Hello reader, and welcome to my little corner of the What’s up, Archaeology? blog. My name is Joaquin, and if you’re reading this, it means you’ve probably got an interest in what real life archaeology is, and what it is we really do, besides keeping evidence of giants locked away in the Smithsonian (just kidding!). I guess in order to explain that, a brief introduction of archaeology is in order, at least as it’s taught in the United States. Archaeology is a sub-field within the broader field of Anthropology. The Oxford dictionary defines anthropology as “The study of human societies and cultures and their development.” Simply put, anthropology is the study of humanity. The three other fields are (in no particular order) linguistic anthropology, biological/physical anthropology, and cultural anthropology. Linguistic anthropology deals with spoken language, to include sign language. Biological/physical anthropology focuses largely on the evolution of our species. This involves studying the fossilized remains of ancient humans, our hominin ancestors, and other primates. Cultural anthropology focuses on studying groups of contemporary human populations. These peoples may lead lifestyles that range from rural modern-day hunter gatherers to urban city dwellers. Now, these are just brief descriptions of the three other subfields, and any specialists in those areas are likely cringing at my very basic description of their chosen fields. However, this brief overview simply serves to give you a quick description of how wide an area is covered by the umbrella of anthropology.
So, where does archaeology fall into this? Archaeology is the study of the past through the material culture that past peoples have left behind. The term material culture refers to the physical things that have been made, used, and left behind or discarded by past peoples. These things include the big shiny things that most people associate with archaeology, such as ancient ruins, monumental architecture, and priceless treasures like those found in King Tut’s tomb. However, these also include more mundane things such as the broken pieces of a ceramic drinking vessel, the bits of stone that are associated with the manufacture of stone tools, and other discarded items that people used in their day to day life. To paraphrase a popular saying, an ancient civilization’s trash is an archaeologist’s treasure. Of course, there is much more to what makes up material culture than I’ve described here, but let’s not get too ahead of ourselves.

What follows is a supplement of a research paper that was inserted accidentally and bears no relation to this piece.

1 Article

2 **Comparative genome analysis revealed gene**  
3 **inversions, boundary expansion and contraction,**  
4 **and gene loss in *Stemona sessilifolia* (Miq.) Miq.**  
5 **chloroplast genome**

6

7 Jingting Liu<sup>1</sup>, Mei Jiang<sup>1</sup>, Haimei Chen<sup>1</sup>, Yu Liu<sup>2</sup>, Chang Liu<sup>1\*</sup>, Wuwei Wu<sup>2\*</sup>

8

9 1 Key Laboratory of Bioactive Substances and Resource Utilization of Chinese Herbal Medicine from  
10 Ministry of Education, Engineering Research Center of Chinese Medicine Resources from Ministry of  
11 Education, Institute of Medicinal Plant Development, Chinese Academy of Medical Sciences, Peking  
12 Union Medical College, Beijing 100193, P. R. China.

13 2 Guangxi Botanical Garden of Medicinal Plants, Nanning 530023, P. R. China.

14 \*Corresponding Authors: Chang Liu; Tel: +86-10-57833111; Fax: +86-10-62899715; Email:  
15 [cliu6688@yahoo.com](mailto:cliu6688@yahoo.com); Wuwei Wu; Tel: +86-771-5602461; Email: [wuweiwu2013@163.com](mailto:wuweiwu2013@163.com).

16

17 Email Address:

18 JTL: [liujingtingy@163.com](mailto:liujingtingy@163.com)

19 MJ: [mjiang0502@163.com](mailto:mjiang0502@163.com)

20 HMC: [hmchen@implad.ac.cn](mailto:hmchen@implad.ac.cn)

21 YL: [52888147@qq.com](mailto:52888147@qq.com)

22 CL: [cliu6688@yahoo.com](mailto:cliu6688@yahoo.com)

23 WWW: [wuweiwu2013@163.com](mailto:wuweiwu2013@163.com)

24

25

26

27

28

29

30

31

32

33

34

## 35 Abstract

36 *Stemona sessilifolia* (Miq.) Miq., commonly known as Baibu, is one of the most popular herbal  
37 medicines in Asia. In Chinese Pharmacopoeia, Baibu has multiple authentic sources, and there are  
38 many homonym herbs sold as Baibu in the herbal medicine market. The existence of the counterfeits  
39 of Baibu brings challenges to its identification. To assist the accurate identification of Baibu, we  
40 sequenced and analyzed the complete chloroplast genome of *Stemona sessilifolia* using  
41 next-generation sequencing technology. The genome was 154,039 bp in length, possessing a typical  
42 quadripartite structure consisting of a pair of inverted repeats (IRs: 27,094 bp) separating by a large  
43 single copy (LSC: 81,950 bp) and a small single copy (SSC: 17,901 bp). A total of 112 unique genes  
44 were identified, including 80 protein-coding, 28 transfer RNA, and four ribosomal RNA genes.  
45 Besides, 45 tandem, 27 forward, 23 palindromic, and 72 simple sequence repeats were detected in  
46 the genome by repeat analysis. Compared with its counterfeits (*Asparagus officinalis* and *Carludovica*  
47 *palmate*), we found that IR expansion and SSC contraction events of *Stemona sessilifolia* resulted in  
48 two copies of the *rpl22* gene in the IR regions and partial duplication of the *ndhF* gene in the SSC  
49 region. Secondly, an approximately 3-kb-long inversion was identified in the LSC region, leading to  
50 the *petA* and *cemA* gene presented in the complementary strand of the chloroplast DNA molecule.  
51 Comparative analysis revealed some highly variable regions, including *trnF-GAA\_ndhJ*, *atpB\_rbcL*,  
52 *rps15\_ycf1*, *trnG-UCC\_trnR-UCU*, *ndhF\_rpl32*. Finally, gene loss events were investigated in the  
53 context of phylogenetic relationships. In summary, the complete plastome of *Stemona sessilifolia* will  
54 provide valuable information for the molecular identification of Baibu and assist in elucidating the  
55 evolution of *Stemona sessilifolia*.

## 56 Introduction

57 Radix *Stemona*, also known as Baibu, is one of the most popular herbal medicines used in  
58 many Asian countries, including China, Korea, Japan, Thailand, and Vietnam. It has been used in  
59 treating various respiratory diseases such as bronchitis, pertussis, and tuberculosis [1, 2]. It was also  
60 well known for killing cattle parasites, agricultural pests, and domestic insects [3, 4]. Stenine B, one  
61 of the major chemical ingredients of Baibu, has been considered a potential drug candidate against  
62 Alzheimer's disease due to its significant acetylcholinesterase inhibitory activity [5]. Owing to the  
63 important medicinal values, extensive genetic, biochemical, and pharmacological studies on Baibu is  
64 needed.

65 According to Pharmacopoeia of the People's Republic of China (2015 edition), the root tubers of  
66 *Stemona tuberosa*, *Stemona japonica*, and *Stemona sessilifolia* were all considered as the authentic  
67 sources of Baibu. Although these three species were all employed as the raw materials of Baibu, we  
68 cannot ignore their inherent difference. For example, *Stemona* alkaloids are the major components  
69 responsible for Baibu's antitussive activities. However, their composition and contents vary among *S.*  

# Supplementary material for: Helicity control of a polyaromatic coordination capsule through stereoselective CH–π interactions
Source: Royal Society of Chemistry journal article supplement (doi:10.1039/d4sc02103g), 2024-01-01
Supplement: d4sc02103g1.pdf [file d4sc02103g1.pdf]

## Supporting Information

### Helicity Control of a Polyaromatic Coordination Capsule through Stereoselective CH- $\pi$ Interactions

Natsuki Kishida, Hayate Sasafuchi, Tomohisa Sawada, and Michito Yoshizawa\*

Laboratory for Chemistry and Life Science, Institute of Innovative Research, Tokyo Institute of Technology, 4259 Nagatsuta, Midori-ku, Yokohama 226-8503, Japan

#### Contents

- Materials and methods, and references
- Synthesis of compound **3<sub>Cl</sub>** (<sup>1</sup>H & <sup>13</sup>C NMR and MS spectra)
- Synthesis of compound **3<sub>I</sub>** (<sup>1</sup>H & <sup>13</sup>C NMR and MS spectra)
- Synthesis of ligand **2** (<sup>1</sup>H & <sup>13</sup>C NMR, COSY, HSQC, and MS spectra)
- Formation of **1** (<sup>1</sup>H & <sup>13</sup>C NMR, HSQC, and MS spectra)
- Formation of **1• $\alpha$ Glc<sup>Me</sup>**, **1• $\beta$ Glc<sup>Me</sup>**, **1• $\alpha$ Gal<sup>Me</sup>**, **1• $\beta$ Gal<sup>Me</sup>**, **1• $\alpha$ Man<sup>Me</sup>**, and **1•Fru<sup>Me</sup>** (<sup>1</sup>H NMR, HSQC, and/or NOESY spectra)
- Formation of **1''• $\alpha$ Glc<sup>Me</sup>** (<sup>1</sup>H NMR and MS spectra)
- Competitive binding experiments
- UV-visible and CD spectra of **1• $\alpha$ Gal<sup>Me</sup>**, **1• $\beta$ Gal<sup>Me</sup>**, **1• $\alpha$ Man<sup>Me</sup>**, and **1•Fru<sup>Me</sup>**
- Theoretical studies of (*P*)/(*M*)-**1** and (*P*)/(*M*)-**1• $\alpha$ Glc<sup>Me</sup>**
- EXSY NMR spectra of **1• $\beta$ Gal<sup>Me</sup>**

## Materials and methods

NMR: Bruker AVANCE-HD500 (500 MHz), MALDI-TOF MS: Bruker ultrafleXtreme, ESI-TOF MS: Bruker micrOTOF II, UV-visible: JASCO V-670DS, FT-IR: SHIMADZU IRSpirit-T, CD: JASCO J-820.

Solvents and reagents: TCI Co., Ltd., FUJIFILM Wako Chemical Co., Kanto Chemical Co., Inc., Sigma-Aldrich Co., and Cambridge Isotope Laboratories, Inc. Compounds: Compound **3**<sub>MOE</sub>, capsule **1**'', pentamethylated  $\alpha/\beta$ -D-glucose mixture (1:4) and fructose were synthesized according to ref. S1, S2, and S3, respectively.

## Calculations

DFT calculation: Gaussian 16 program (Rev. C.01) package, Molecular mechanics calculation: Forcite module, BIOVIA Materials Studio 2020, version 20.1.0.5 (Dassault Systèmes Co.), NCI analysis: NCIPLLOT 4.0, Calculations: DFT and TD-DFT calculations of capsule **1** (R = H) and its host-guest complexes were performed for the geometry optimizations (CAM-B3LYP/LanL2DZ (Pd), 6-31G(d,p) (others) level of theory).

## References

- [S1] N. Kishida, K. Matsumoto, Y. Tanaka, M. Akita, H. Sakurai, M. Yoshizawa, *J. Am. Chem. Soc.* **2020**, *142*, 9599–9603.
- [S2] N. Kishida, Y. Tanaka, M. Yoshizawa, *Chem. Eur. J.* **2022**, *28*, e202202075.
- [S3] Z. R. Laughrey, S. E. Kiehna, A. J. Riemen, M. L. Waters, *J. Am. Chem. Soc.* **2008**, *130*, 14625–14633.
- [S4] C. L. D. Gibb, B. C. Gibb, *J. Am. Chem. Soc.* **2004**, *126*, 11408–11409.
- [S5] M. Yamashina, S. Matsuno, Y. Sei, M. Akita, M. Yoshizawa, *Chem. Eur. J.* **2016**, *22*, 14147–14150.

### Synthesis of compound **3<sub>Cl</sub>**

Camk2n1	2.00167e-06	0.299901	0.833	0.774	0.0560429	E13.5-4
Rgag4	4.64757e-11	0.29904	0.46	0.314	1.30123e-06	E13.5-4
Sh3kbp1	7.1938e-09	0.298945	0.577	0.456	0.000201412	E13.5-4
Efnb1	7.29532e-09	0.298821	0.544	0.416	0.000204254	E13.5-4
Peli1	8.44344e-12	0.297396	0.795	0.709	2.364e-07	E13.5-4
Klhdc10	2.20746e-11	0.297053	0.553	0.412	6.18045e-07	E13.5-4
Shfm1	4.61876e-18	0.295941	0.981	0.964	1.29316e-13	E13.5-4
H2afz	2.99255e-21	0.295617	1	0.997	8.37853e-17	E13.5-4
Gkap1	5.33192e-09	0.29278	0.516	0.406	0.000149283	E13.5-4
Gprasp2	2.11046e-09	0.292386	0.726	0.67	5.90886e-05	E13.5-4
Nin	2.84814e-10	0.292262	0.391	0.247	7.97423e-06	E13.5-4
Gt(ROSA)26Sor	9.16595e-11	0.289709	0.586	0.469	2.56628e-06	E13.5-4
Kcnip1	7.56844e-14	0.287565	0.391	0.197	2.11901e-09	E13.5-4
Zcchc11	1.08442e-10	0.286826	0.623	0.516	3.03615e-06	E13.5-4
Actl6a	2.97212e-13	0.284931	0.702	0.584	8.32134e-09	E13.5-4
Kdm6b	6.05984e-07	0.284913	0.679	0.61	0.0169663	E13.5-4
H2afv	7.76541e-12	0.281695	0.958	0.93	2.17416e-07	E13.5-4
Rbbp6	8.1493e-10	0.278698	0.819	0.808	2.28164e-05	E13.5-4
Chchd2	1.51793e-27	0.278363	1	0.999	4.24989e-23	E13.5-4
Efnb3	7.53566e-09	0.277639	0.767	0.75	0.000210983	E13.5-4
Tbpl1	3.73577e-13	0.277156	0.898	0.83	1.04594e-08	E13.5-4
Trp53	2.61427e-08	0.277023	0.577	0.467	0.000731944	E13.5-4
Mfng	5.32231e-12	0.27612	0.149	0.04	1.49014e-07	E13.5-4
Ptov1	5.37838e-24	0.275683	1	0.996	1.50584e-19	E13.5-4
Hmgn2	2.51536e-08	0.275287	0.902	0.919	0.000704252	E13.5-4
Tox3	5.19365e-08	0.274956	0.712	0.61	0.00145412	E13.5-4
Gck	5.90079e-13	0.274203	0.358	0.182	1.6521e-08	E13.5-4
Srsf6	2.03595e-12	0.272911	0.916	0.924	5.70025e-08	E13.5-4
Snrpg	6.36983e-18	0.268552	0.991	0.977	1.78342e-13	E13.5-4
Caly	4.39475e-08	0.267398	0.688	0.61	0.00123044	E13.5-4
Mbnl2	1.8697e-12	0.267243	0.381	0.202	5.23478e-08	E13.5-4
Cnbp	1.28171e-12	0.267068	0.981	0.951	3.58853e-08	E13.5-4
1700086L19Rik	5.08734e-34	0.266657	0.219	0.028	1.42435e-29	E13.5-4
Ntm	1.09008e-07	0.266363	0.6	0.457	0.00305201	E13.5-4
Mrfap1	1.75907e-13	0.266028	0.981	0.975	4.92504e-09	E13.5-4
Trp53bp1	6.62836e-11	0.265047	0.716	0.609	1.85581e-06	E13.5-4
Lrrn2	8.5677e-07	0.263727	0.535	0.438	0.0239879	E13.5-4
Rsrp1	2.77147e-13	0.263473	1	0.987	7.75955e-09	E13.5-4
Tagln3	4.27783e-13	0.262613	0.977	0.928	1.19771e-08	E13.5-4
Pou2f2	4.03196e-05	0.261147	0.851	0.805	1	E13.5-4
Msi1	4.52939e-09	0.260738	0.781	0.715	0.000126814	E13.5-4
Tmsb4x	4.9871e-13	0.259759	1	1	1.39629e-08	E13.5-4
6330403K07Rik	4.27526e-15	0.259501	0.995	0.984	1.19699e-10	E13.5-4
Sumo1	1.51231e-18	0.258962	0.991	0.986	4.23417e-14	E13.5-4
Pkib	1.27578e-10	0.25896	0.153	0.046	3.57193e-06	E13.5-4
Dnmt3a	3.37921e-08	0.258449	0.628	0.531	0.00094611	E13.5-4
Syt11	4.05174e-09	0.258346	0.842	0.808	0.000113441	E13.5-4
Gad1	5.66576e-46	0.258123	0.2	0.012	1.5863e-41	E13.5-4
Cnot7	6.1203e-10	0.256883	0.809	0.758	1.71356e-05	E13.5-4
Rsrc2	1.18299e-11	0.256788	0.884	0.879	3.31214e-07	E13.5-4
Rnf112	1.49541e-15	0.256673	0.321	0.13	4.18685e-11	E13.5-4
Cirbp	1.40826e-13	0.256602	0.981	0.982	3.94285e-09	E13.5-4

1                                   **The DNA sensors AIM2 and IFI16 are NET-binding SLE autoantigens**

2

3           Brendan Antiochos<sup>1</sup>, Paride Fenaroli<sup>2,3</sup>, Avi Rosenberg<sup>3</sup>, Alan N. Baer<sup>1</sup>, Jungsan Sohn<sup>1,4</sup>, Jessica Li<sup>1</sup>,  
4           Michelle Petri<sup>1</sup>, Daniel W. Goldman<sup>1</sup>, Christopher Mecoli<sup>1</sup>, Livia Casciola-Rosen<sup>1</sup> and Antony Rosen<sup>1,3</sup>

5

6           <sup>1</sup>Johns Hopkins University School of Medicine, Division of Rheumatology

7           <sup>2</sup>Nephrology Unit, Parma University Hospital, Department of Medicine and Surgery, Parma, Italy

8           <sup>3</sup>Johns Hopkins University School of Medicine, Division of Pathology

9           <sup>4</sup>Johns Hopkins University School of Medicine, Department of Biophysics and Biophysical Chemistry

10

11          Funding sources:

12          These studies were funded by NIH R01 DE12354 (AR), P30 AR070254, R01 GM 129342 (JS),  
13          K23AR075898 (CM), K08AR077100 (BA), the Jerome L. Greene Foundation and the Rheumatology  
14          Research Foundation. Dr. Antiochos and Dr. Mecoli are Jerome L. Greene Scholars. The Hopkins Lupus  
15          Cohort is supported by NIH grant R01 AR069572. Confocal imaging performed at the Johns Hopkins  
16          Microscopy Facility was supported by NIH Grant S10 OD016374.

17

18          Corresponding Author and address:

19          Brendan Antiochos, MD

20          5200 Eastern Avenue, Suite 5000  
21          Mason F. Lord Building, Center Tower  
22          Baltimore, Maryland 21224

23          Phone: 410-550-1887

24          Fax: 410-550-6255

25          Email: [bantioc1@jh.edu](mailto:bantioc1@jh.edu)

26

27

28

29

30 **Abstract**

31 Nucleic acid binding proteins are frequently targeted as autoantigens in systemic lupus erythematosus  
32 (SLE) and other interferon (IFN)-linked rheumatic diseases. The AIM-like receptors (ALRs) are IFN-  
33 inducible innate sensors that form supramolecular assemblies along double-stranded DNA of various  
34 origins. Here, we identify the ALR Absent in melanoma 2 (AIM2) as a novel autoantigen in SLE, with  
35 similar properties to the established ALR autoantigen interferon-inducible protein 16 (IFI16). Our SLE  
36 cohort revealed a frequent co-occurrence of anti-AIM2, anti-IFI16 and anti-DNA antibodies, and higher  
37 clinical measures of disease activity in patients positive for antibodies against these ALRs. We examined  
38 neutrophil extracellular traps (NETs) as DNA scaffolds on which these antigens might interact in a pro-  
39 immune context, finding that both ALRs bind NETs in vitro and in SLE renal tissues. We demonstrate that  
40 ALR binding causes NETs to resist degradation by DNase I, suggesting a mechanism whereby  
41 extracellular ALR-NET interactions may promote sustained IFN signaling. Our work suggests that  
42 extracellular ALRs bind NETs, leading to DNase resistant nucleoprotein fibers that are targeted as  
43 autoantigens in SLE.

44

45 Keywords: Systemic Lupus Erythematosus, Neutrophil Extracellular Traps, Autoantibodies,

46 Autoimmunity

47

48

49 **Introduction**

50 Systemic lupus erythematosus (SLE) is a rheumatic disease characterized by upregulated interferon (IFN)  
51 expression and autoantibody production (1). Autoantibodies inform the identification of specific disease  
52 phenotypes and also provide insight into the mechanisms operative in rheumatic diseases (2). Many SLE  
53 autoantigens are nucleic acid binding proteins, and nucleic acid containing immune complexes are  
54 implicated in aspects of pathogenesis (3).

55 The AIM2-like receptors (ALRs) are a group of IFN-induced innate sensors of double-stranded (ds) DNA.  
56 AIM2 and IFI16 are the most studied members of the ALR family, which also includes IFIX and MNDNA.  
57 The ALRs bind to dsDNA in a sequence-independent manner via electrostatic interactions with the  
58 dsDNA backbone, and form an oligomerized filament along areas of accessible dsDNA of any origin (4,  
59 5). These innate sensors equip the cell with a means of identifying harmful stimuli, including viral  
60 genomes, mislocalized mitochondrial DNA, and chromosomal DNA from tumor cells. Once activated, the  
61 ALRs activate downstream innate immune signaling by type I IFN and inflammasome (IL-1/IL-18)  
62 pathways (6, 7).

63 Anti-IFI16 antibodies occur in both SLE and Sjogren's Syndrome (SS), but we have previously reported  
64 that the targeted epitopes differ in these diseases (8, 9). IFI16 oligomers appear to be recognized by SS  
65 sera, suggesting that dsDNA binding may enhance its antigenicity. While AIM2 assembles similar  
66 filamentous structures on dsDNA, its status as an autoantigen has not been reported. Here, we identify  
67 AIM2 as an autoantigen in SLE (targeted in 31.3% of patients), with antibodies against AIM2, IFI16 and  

I am currently a graduate student at NMHU in the Southwest studies anthropology program. My thesis mainly involves ceramic and lithic analysis of artifacts at site of unknown cultural affiliation in northeastern New Mexico. Meanwhile, I’ve also been working as a Culture Resource Management archaeologist for nearly two years. As I like to put it, I get paid to go on long, see some great scenery, and maybe even find an interesting site or two. But with the field work comes the paperwork, so when were not in the field we’re in the office writing all the reports.
Over the course of the next three months, I hope to share with you what working in the Culture Resource Management field is like from my perspective. Many of the participants in this project work in other parts of the US in the CRM field, and I look forward to finding out what the field is like in other parts of the county. I also will talk about my progress towards completing my thesis, which is all I have left to do to complete the MA program at NMHU. Along the way I may hit on little topics that are interesting to me, such as a proliferation of pseudo-archaeological “theories” i.e. “Ancient Aliens”, and how archaeology is represented in pop culture, i.e. Indiana Jones and in video games. Until next time!